In last week’s Update Three commentary regarding the current crisis involving the near paralysis among the U.S. West Coast ports of Los Angeles and Long Beach, Supply Chain Matters highlighted that conditions on the ground were not showing any signs of improvement.  As this week draws to a close, the situation appears to be deteriorating even more, and now involves clear impacts and continued disruption for both U.S. exports as well as imports.

Last week, the National Retail Federation (NRF) published an editorial with the statement: “The sudden change in tone is alarming and suggests that a shutdown of the ports — either from a walkout by labor or a lockout by management — is imminent.” The NRF has since been joined by other industry associations  including the National Association of Manufacturers (NAM) the U.S. Chamber of Commerce, and 60 other organizations representing agricultural growers.

Agricultural exports such as apples, forest products, potatoes and other crops are now jeopardized.  Growers indicate that Far East buyers are now cancelling orders and moving to alternative sources of supply. According to a report from industry trade group, Agriculture Transportation Coalition, the consequences of the current port congestion are being felt throughout the United States. The railroads are unable to bring agriculture products from the Midwest and the South to West Coast ports because of the port congestion crisis. In addition, ocean carriers continue to attempt to pass on their increased costs by imposing draconian congestion surcharge fees on U.S. exporters and importers.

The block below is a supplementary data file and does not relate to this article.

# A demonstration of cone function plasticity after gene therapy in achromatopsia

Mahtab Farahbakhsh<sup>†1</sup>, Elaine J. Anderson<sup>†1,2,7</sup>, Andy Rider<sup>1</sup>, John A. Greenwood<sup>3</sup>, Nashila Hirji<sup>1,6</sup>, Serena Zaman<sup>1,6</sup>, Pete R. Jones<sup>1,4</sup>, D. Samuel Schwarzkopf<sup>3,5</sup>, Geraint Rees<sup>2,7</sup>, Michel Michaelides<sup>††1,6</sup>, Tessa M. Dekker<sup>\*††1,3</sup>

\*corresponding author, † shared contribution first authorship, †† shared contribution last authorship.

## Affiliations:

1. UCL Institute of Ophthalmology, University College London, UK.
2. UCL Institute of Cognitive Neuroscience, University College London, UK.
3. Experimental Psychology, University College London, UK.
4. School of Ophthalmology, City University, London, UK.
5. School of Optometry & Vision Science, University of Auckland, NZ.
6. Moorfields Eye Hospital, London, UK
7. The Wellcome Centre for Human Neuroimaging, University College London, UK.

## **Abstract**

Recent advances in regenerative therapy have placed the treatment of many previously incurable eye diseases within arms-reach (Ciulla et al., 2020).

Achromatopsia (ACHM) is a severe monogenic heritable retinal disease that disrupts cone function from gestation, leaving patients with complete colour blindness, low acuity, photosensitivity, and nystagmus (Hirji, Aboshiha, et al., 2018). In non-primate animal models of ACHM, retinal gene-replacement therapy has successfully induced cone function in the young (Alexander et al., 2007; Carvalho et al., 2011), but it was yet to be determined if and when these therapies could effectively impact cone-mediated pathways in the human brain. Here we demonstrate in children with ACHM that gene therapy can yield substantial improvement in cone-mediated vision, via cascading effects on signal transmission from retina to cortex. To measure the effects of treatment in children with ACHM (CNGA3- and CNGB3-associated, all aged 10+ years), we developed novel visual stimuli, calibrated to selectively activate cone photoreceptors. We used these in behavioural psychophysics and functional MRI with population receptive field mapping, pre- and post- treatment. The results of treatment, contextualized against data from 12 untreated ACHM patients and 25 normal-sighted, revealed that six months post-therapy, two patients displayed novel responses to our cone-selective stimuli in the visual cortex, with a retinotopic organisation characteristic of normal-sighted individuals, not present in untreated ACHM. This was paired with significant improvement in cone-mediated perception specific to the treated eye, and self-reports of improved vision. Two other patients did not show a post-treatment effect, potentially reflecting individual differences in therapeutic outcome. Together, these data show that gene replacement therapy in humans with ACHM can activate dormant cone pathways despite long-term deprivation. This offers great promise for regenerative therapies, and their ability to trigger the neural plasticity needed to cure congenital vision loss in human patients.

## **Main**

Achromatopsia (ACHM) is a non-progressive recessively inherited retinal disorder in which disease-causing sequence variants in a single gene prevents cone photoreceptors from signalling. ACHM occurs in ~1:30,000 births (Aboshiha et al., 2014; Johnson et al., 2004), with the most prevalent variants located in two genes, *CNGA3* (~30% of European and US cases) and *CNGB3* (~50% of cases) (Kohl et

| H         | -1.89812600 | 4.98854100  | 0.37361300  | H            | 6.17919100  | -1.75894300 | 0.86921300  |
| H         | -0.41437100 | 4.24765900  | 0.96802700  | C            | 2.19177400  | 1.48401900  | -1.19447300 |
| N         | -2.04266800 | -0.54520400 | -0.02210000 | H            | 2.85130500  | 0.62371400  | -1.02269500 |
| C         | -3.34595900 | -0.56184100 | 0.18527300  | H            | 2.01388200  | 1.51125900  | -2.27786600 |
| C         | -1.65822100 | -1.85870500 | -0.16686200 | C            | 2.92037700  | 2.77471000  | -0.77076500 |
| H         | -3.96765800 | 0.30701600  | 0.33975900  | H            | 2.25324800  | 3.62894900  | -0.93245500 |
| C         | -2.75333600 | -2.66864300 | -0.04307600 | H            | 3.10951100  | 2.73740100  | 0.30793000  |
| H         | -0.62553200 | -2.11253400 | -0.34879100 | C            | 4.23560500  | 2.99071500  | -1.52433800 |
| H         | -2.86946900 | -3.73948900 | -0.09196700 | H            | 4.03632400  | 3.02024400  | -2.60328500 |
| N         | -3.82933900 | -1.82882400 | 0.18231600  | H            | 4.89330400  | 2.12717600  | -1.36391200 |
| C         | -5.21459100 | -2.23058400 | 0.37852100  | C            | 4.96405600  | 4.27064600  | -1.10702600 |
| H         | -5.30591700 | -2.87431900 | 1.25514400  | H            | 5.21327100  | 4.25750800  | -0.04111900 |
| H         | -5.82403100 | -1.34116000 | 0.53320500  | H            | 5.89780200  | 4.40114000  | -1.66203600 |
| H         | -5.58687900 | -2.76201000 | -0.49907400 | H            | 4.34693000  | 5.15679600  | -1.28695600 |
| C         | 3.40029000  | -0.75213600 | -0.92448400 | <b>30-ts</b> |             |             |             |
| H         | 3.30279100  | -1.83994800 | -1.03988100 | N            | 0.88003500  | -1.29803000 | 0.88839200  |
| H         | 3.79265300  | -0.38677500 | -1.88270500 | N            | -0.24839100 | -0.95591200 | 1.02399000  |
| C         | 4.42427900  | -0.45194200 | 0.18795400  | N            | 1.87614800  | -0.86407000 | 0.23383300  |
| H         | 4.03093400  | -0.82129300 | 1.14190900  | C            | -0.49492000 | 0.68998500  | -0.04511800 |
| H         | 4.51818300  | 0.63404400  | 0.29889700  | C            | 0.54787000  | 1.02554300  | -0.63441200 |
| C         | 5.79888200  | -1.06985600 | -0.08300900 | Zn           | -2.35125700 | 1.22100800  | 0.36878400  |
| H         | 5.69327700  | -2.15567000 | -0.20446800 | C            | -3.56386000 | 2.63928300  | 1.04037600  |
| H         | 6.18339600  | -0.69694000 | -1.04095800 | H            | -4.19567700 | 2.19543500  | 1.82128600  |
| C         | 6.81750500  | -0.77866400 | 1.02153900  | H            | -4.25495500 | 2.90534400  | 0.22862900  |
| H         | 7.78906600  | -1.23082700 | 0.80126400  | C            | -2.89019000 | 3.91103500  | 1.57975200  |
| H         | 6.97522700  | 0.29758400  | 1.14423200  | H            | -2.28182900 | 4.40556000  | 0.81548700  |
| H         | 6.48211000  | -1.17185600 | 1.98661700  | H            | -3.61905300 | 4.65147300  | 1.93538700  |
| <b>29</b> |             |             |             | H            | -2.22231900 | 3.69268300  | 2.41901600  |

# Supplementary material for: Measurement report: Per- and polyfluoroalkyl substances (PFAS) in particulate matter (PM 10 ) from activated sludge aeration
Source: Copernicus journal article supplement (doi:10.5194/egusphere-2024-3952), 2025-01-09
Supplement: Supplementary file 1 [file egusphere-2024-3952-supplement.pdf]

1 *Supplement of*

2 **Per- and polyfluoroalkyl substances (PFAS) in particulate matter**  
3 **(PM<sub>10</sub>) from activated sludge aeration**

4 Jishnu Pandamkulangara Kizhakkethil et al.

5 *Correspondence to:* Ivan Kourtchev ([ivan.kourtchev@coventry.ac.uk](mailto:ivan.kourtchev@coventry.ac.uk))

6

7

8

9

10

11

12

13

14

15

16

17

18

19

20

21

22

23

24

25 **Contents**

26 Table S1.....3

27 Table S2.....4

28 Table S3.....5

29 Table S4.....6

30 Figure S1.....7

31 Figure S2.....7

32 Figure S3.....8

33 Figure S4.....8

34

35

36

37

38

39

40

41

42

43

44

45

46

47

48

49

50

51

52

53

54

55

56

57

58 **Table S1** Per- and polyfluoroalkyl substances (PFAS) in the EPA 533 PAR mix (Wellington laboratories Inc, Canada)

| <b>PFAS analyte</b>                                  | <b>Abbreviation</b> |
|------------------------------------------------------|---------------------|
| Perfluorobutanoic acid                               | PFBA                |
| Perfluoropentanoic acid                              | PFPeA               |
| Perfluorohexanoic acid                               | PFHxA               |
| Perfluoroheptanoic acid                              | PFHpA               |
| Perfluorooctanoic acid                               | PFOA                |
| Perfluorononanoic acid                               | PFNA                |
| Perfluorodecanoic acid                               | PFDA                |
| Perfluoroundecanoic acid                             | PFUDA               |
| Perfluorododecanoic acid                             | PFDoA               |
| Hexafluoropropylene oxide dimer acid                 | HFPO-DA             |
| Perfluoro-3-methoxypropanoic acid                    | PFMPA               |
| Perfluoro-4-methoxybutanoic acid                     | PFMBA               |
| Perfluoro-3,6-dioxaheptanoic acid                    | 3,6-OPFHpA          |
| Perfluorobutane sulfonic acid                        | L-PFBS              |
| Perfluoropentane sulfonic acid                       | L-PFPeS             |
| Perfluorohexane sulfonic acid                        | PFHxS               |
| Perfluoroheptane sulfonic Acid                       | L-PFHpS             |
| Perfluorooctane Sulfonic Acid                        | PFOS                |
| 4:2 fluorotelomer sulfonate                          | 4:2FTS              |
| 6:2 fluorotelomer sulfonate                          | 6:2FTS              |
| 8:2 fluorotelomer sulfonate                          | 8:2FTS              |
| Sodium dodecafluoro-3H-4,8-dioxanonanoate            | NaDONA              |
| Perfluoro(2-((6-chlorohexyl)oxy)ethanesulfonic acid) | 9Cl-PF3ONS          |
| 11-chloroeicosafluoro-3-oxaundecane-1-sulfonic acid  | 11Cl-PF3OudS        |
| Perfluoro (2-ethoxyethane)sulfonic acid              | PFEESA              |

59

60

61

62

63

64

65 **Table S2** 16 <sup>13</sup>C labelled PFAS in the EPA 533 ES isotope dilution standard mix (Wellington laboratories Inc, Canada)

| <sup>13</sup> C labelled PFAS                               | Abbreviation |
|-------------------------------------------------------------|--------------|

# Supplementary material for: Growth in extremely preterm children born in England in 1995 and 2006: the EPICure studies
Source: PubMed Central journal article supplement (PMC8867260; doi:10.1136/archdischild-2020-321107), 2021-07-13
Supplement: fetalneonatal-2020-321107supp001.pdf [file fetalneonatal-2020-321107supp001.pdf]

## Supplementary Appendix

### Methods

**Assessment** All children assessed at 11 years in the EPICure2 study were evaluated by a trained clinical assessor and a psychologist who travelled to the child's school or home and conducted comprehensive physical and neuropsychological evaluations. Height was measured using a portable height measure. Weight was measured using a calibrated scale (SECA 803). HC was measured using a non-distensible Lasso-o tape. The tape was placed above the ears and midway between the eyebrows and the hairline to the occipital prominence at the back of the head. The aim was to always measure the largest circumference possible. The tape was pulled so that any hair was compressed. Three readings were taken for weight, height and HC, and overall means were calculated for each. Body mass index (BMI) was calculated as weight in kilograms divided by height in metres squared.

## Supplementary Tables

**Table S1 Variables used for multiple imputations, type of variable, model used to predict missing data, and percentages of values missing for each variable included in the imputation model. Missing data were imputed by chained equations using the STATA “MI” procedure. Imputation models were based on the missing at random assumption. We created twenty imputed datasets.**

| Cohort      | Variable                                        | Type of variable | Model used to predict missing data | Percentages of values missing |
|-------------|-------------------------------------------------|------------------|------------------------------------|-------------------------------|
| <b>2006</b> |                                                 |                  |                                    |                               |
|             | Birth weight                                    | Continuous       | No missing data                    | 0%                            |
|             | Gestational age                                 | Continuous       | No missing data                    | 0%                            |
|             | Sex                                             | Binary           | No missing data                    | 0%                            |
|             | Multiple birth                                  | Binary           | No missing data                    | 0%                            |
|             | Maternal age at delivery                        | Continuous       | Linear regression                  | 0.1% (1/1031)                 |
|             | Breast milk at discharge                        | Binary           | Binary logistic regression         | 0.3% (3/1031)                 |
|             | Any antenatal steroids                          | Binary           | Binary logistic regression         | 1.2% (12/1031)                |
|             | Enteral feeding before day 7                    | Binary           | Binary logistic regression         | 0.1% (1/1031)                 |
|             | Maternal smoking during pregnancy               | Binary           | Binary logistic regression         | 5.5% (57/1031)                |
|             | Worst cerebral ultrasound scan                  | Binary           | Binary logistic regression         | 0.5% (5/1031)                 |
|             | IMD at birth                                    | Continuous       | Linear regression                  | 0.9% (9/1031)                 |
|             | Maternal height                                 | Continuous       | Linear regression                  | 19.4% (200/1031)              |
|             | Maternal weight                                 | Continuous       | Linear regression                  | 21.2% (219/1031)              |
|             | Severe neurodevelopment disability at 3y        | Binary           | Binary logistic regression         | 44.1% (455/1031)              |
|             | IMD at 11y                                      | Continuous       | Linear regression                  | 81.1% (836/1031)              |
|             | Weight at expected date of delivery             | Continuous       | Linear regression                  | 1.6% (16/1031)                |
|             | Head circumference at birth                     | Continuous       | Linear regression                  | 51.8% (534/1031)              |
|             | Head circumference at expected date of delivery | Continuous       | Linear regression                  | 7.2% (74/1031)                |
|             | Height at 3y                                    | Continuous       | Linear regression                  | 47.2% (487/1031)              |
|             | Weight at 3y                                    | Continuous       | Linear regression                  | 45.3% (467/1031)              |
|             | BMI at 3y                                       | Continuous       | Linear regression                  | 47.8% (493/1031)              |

A published report in American Shipper (registered sign-up or paid subscription) now indicates that formal labor negotiations among the lead negotiators of the international longshoreman’s union and the Pacific Maritime Association (PMA) are currently in recess and not expected to resume until December 2. The publication characterizes this development as: “bad news for importers and exporters hoping for a quick agreement and rapid restoration of normal operations at West Coast ports.”

A new wrinkle concerning labor work stoppages expanded earlier in the week as independent truck drivers contracted by trucking firms serving both ports initiated multi-day job actions seeking fair wages and better working conditions. These job actions expanded to five trucking firms serving the port complex as of Monday.  Truck drivers, mostly hired as independent contractors, have had longstanding grievances with local trucking firms and now the Teamsters labor union has taken the current port crisis as an opportunity to leverage driver demands to be recognized as full-time employees.

We again echo our Supply Chain Matters advice that industry supply chains impacted by the current west coast port disruption should be in full response management mode and seeking alternative options for both imports and exports from these ports.  The situation is such that there appears to be little indication of improvement and further indications of shutdown, lock-out or government imposed mediation. Response time to save holiday revenue budgets is in critical stages, too late to save the Black Friday-Cyber Monday holiday weekend, and essential to save customer December and January holiday fulfillment commitments.

We may well observe that the winners and losers of the 2014 holiday buying surge were those individual industry supply chain teams that demonstrated the most resiliency and responsiveness to the west coast port debacle.

Bob Ferrari